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Public interest undermined in Gaviota decision

National Park Service cites opposition from landowners

By Mike Lunsford

The Gaviota Coast Feasibility Study by the National Park Service has confirmed what we have been saying for years: The Gaviota coast is nationally significant, and is suitable for inclusion in the National Park System.

There is broad local agreement that the Gaviota coast must be saved from urban sprawl. For the past three years, the Trust for Public Land and the Land Trust for Santa Barbara County have made valiant efforts to purchase land and easements from willing sellers to provide permanent protection using local and state funding. Yet today, of the 80,000 acres of private land within the coastal watersheds in the project area, acquisition of land and conservation easements cover about 6,000 acres, or only 8%percent.

And, more than 5,000 acres of coastal properties are presently for sale at a collective asking price of over $100 million. No one expects to raise enough local, state or private funding to acquire all these properties. So we are faced with making compromises with rural development that we wouldn't otherwise have to make, and each time a property is sold for non-ag uses, the price goes up.

This is the local context in which we receive the feasibility study recommendation of no federal assistance. The Park Service study recognizes the need for federal assistance, but cites the changing financial priorities brought by the Bush administration, and local landowner opposition as reasons why a Park Service designation is not now feasible.

The shift in national spending priorities with the Bush administration was expected. What is surprising is the extent to which Bush administration officials allowed the public interest to be undermined by a few private landowners.

The homeowners association of the Hollister Ranch subdivision spent hundreds of thousands of dollars on lobbyists in Washington, not only to protect their private interests, but to undermine the public interest by trying to kill the study before it was completed. One tactic was running full-page ads using doctored and distorted photographs to bolster their inaccurate claim that federally protected areas cause traffic congestion.

Other landowners, with COLAB'S help, organized a "Coastal Stewardship Council" for the sole purpose of preventing an NPS designation on the Gaviota coast. Again, this was not an effort limited to merely protecting their own interests, but one that boldly sacrificed the public interest to achieve their goal. The plaintiffs in the lawsuit to stop the study reads like a membership list of these two groups.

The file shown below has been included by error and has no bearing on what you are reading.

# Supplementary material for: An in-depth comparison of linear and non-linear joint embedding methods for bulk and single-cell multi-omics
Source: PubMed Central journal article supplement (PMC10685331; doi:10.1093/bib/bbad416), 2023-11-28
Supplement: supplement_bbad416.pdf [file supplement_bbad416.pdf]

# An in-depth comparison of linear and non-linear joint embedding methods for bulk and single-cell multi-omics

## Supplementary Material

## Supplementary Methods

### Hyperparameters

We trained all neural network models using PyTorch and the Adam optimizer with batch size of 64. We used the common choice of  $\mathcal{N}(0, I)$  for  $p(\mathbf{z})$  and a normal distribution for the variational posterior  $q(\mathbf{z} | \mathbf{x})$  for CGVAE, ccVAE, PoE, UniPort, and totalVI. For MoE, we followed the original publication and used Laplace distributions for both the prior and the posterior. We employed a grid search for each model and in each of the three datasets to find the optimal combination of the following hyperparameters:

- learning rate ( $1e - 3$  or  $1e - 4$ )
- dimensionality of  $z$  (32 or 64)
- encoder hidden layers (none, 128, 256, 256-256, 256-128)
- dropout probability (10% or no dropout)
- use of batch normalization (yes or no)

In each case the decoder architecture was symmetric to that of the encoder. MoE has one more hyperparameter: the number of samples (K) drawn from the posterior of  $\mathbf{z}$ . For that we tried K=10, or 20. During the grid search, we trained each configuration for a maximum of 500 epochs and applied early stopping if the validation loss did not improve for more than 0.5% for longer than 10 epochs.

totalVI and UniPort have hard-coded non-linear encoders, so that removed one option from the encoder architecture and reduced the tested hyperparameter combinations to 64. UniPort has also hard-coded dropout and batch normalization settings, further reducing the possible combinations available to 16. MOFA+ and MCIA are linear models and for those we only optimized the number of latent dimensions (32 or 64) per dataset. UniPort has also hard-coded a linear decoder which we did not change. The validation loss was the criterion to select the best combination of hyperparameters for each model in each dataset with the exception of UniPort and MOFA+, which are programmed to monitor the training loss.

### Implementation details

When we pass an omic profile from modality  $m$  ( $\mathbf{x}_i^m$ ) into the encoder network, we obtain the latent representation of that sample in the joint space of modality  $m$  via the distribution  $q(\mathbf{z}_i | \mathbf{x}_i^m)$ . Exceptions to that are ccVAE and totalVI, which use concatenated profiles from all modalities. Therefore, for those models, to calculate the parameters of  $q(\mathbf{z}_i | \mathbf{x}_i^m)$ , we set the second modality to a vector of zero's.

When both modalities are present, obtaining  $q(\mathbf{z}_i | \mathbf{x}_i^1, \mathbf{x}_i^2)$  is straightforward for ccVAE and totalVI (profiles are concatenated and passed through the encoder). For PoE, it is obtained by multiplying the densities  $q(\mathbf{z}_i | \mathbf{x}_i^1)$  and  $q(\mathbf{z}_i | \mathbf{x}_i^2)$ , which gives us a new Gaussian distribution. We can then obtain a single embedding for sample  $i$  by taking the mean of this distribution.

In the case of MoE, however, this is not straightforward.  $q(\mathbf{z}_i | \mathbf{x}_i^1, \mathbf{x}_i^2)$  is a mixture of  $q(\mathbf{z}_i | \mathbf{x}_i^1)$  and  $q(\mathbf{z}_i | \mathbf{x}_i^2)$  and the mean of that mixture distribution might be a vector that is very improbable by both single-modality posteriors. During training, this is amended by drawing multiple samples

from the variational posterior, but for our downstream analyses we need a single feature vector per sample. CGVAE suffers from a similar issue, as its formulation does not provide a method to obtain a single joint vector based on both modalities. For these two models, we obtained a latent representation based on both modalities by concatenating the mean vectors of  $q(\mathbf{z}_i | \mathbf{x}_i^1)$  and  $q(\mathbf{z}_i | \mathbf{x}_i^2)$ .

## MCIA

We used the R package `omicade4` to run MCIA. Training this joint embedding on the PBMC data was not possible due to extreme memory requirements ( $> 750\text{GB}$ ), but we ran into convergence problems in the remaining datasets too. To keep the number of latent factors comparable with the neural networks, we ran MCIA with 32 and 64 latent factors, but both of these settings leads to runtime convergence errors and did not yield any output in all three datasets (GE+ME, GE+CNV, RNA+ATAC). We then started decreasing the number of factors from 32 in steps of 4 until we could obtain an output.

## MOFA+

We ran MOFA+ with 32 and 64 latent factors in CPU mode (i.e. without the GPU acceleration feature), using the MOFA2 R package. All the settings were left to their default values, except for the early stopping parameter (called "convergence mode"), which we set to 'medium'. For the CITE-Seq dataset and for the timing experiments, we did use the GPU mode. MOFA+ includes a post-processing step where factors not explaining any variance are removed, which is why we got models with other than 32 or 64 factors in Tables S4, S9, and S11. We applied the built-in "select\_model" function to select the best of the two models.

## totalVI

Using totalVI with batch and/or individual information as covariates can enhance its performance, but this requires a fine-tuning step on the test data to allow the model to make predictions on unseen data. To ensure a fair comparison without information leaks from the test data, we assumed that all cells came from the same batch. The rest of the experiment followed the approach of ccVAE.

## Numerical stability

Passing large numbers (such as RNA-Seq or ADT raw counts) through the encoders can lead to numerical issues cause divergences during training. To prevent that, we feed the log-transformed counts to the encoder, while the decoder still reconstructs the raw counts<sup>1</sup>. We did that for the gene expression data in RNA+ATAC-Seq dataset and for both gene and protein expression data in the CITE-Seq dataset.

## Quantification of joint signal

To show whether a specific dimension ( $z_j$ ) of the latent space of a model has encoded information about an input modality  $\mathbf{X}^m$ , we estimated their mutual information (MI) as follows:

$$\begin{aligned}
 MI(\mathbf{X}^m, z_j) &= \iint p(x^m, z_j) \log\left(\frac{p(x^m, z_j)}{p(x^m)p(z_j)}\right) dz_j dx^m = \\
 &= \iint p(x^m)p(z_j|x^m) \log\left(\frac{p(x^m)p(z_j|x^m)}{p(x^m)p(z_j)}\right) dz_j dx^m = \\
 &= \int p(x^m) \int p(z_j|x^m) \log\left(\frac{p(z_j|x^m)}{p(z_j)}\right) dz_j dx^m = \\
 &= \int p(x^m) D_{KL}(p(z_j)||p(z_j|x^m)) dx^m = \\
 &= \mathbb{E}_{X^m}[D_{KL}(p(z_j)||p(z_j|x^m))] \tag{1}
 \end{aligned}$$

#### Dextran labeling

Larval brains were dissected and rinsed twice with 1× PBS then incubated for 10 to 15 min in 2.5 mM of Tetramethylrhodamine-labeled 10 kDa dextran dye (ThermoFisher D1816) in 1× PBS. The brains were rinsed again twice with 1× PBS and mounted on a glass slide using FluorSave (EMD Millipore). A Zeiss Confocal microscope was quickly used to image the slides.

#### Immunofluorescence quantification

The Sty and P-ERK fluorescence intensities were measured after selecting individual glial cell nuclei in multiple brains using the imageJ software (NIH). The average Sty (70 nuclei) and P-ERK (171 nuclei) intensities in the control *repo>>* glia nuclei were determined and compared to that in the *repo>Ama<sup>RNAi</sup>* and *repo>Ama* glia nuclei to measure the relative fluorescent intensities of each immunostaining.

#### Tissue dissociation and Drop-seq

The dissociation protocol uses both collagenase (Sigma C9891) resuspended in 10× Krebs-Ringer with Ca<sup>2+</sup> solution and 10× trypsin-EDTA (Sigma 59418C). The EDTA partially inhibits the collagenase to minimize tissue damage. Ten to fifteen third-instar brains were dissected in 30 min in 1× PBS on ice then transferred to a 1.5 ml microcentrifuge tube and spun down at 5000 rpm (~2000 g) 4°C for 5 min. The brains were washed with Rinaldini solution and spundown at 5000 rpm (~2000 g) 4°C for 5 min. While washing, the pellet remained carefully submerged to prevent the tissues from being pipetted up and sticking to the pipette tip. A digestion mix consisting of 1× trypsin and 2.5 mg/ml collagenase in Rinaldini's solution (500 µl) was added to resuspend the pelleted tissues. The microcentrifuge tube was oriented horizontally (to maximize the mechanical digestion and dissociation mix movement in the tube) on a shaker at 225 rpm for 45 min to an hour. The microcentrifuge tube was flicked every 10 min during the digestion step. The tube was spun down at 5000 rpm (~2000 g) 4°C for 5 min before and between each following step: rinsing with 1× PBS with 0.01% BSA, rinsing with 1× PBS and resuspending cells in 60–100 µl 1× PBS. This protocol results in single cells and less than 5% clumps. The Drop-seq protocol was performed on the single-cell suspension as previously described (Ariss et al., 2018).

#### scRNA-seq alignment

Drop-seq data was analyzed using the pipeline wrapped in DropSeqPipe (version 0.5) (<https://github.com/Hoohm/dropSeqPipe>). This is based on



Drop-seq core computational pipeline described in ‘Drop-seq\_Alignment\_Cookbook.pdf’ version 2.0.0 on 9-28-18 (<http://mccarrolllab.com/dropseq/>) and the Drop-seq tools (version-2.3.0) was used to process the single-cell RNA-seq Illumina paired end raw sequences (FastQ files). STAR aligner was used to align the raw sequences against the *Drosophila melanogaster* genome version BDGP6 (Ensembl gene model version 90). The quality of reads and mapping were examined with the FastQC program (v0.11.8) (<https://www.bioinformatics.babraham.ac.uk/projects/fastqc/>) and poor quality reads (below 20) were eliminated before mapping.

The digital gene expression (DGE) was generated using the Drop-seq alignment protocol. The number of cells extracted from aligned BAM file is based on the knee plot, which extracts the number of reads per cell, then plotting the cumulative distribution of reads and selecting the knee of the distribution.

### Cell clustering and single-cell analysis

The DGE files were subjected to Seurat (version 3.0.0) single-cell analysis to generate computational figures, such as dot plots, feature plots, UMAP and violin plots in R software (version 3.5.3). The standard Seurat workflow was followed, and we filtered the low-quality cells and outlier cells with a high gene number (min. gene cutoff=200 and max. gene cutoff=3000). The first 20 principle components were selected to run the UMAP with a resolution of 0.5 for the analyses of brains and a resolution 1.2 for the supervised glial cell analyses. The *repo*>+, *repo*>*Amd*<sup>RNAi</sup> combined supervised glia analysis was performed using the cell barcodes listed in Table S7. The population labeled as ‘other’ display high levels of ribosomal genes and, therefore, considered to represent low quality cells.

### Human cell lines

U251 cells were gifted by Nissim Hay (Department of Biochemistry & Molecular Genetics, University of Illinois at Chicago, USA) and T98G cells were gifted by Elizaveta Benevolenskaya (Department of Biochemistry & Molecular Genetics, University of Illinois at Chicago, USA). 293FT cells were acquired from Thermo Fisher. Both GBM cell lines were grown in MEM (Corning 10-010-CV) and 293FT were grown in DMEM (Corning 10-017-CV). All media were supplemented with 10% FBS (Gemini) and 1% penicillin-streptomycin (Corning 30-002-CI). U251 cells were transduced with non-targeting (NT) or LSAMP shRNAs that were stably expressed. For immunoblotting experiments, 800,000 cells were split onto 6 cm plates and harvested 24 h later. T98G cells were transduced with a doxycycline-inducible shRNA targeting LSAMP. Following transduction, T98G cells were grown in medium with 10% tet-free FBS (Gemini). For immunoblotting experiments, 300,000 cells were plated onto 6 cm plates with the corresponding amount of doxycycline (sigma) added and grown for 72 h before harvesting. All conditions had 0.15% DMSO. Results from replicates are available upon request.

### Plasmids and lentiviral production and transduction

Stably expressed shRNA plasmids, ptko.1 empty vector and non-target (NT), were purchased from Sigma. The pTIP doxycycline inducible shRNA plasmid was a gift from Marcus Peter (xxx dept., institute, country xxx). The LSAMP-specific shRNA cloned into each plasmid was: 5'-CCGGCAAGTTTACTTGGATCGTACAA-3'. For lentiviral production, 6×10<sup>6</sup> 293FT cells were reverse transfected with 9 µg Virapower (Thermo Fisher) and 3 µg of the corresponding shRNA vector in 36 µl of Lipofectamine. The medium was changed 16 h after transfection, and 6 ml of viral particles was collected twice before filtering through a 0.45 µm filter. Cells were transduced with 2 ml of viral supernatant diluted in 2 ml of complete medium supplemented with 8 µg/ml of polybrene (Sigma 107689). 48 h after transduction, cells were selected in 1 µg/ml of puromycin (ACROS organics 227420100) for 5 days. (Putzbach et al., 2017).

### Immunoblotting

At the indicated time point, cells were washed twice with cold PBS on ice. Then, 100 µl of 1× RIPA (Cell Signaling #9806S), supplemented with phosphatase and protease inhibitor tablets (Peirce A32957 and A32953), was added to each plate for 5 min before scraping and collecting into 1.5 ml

These landowners took many actions to prevent you from having a voice in the discussion about the various alternatives for a federal role on the Gaviota coast.

These landowners defend their actions by saying local and state control is adequate and federal assistance is unnecessary.

They cite the Williamson Act Agricultural Preserve Program, local zoning ordinances and Coastal Act enforcement, yet none of these provide the permanent protection and equitable solutions of land and easement acquisition. All legislatively derived protections are vulnerable to political change and economic cycles, as evidenced by the current threat to the Agricultural Preserve Program by state budget deficits.

So, while these landowners call for "local control," you have to wonder what they really want. Before the NPS study, many of the opponents were equally vocal about their opposition to these institutions they now tout as Gaviota's local protectors.

Don't be surprised when they don't even support Alternative 2: enhanced local and state management, which is recommended by the Feasibility Study.

After all the rhetoric about local control, it becomes more and more apparent that these few landowners who helped take away our choices are too conflicted about permanent protection to support any new protective strategy.

News-Press readers don't have to sit idly by if they feel something went wrong here. Comments can be made in person at one of the three public hearings conducted by the Park Service: May 12 in Lompoc, and May 13 in Santa Barbara and Goleta.

Written comments can be submitted to the Park Service at: Planning and Partnerships, 1111 Jackson St., Suite 700, Oakland, CA 94607. The comment period for the draft study extends to July 18.

You can let the extreme views of a few landowners dominate what goes into the public record, or you can write or show up at these hearings and state your disappointment. The future of the coast may depend on it.

The draft study is on the NPS Web site at

The author is president of the Gaviota Coast Conservancy.